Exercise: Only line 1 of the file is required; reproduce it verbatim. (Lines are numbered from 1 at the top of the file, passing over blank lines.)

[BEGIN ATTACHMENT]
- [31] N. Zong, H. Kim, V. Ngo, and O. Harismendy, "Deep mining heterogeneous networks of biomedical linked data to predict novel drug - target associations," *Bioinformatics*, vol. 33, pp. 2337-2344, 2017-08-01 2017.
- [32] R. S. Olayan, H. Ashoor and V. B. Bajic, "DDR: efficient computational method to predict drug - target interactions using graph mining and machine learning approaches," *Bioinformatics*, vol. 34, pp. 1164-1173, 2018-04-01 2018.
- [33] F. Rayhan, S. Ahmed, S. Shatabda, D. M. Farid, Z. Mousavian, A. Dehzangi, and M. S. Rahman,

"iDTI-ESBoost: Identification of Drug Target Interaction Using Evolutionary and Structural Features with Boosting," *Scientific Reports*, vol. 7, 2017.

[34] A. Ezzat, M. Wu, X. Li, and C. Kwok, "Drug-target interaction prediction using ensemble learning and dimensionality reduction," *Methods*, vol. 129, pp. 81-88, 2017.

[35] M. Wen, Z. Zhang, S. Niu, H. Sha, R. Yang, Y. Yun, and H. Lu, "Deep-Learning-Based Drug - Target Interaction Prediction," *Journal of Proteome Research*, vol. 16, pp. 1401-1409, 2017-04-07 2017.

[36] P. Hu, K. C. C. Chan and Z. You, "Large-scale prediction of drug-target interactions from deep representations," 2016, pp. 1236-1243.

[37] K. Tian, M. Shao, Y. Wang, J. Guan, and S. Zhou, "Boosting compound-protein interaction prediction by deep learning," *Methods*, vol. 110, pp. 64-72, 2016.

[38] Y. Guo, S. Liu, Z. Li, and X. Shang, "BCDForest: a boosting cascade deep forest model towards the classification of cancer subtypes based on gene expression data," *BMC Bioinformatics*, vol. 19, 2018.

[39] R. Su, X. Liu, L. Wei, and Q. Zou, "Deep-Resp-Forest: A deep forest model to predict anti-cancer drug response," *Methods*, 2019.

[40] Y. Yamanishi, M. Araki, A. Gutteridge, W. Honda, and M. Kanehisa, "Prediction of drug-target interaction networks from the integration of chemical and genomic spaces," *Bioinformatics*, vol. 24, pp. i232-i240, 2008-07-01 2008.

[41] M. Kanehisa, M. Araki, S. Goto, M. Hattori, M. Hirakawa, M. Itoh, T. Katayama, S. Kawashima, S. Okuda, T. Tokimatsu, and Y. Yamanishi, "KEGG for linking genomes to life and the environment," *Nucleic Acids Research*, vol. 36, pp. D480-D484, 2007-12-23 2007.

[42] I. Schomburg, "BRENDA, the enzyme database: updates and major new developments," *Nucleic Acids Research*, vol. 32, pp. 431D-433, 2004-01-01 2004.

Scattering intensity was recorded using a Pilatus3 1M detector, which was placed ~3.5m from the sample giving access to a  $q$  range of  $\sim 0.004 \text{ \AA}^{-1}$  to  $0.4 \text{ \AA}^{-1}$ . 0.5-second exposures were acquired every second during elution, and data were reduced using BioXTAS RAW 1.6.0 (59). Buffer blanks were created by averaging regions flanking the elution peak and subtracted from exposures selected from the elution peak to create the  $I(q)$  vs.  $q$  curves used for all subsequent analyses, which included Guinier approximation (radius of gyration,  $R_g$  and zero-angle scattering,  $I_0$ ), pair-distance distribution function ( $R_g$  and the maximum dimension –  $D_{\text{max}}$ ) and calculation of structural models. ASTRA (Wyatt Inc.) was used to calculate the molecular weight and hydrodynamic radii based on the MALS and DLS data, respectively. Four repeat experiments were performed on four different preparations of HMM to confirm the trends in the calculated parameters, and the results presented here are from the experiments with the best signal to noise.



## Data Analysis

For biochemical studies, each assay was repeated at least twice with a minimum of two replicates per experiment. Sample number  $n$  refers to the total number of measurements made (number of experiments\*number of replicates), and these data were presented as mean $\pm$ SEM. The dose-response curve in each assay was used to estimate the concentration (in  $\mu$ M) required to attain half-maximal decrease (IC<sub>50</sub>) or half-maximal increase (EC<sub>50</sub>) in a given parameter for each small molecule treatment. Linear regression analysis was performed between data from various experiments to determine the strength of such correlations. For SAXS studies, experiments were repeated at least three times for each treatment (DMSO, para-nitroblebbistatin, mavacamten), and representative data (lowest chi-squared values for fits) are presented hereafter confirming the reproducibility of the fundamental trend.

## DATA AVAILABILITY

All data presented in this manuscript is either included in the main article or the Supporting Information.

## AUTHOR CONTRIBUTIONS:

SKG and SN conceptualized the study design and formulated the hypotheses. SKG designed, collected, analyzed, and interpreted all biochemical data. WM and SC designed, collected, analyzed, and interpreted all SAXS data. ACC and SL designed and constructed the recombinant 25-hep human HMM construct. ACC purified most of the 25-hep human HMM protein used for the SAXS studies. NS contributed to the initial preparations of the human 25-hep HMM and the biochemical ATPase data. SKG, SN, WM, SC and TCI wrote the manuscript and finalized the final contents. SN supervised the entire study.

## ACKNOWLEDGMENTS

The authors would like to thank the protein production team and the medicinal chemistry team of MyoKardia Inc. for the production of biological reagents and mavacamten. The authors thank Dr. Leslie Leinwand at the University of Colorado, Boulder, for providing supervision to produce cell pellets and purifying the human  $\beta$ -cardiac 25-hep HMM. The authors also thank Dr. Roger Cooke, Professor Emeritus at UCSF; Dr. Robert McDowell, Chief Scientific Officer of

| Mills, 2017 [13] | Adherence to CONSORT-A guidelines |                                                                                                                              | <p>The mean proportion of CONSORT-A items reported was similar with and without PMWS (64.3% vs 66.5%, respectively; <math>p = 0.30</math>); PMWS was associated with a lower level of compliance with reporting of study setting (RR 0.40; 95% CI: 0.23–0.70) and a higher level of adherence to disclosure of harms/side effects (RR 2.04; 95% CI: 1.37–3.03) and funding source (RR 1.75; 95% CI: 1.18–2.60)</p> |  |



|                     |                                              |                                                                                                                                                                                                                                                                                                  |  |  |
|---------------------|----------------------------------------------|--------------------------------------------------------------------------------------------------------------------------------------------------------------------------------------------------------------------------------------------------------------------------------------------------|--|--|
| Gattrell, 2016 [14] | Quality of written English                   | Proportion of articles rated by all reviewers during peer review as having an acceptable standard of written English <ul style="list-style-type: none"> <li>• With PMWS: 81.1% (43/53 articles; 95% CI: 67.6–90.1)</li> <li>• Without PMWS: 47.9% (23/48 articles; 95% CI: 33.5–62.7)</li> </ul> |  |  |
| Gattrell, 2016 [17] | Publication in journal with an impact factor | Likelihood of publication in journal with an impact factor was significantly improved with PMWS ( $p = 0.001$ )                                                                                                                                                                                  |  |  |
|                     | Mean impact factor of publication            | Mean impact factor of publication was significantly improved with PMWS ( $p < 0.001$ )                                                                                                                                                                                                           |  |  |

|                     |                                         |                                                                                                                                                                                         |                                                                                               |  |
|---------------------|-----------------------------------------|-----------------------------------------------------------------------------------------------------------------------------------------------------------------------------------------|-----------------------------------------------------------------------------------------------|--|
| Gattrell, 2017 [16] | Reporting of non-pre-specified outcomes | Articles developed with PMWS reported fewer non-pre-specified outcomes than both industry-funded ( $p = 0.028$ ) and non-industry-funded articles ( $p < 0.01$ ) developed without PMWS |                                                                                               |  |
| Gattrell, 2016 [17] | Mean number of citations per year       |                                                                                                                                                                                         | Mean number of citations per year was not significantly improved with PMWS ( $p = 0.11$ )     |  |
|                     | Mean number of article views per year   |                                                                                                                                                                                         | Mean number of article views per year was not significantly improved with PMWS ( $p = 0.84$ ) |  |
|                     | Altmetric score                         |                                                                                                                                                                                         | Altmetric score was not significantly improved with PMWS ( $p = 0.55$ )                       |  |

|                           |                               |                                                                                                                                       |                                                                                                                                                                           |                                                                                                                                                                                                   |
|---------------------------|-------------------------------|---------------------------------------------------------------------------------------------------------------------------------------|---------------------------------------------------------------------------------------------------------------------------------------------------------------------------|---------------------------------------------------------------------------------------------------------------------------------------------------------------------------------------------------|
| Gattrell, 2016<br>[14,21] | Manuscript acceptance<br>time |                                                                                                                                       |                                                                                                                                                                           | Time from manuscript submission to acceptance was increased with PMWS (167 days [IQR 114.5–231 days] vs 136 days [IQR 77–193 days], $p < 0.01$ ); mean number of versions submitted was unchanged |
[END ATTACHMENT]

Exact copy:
- [31] N. Zong, H. Kim, V. Ngo, and O. Harismendy, "Deep mining heterogeneous networks of biomedical linked data to predict novel drug - target associations," *Bioinformatics*, vol. 33, pp. 2337-2344, 2017-08-01 2017.